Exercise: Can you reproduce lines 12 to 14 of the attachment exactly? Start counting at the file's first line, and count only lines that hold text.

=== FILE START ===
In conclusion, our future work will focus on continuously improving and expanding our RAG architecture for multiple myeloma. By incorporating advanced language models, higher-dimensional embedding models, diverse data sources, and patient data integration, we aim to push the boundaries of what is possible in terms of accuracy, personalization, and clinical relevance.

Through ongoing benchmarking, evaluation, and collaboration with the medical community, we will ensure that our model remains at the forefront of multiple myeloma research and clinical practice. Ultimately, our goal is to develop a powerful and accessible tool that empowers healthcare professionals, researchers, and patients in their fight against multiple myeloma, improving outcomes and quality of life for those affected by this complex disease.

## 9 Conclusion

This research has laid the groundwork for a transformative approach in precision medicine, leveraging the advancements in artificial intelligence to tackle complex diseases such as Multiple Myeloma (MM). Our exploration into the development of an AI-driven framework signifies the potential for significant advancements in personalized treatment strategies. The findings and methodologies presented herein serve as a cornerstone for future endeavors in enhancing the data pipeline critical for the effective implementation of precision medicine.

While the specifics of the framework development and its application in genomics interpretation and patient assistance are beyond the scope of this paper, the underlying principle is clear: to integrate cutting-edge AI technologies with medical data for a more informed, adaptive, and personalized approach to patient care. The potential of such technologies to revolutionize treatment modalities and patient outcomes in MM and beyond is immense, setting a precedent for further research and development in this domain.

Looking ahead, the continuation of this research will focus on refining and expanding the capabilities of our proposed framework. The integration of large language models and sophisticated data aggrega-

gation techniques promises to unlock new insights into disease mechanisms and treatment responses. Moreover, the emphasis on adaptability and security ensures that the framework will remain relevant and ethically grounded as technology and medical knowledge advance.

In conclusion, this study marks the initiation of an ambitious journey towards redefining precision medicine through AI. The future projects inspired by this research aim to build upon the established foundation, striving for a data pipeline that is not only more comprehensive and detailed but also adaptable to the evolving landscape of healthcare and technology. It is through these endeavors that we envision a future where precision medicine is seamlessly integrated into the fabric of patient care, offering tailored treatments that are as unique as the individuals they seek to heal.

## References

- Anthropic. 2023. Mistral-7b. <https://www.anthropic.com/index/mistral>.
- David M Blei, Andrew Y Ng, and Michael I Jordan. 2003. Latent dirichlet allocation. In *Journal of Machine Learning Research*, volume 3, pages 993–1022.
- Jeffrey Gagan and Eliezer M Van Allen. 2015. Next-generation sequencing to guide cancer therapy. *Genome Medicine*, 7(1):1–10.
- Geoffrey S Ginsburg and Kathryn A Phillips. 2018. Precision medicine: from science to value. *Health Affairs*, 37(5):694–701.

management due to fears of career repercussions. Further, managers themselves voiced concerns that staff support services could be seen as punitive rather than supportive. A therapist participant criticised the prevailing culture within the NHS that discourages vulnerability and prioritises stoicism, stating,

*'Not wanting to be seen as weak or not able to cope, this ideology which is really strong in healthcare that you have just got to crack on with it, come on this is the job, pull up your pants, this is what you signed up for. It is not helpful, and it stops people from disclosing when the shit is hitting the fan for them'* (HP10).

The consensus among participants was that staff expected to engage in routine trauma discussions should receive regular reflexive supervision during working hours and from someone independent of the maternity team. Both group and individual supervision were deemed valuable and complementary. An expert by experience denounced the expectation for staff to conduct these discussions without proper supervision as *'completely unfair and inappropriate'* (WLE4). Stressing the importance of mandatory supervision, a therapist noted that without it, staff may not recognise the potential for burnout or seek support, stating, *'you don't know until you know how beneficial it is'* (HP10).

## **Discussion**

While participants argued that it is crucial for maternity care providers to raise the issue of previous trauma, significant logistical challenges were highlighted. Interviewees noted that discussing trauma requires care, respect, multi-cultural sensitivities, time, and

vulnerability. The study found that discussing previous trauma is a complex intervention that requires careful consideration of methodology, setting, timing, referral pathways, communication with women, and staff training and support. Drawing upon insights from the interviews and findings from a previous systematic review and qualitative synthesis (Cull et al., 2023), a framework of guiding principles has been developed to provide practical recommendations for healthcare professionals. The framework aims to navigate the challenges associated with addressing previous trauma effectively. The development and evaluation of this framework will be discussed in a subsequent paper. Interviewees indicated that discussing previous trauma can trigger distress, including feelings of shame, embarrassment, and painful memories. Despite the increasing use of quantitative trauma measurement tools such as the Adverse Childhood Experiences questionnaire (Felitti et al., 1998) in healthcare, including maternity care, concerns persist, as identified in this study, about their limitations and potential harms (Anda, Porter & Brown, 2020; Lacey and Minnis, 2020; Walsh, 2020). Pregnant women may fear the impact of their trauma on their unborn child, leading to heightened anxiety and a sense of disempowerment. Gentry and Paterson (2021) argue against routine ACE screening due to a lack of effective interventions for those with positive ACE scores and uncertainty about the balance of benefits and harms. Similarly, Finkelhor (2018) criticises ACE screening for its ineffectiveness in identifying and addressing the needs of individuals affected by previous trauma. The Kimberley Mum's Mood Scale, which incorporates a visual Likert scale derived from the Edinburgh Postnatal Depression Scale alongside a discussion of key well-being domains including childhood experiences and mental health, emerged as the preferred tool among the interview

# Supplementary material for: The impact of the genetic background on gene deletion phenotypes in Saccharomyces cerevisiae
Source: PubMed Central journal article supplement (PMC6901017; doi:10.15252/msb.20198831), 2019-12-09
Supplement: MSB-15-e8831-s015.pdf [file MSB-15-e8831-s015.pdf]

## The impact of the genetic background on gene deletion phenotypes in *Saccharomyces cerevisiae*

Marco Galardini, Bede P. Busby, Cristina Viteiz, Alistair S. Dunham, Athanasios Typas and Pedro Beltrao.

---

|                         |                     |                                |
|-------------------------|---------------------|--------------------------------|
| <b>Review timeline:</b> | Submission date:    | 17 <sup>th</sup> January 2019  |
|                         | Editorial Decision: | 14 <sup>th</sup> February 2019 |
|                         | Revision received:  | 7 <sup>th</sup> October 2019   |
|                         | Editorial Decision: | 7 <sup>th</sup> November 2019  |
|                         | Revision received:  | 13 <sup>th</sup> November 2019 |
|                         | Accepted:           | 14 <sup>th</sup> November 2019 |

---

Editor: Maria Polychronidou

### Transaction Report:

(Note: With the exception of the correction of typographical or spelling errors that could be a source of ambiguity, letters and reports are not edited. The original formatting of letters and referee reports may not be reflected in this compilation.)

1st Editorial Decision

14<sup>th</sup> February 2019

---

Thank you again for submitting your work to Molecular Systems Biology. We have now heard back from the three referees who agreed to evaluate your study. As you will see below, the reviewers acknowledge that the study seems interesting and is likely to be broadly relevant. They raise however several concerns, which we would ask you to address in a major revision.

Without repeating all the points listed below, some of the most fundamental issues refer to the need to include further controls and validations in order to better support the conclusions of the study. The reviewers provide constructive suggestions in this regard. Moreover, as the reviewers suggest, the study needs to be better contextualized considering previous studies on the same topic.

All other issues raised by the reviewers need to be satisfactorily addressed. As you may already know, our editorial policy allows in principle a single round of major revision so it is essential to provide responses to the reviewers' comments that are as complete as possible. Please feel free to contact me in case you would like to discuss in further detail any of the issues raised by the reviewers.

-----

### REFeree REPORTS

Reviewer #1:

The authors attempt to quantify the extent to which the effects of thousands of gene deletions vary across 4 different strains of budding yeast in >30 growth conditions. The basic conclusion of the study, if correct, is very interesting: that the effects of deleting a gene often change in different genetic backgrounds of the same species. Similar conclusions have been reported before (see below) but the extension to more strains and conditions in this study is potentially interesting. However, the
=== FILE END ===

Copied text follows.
- Jeffrey Gagan and Eliezer M Van Allen. 2015. Next-generation sequencing to guide cancer therapy. *Genome Medicine*, 7(1):1–10.
- Geoffrey S Ginsburg and Kathryn A Phillips. 2018. Precision medicine: from science to value. *Health Affairs*, 37(5):694–701.

management due to fears of career repercussions. Further, managers themselves voiced concerns that staff support services could be seen as punitive rather than supportive. A therapist participant criticised the prevailing culture within the NHS that discourages vulnerability and prioritises stoicism, stating,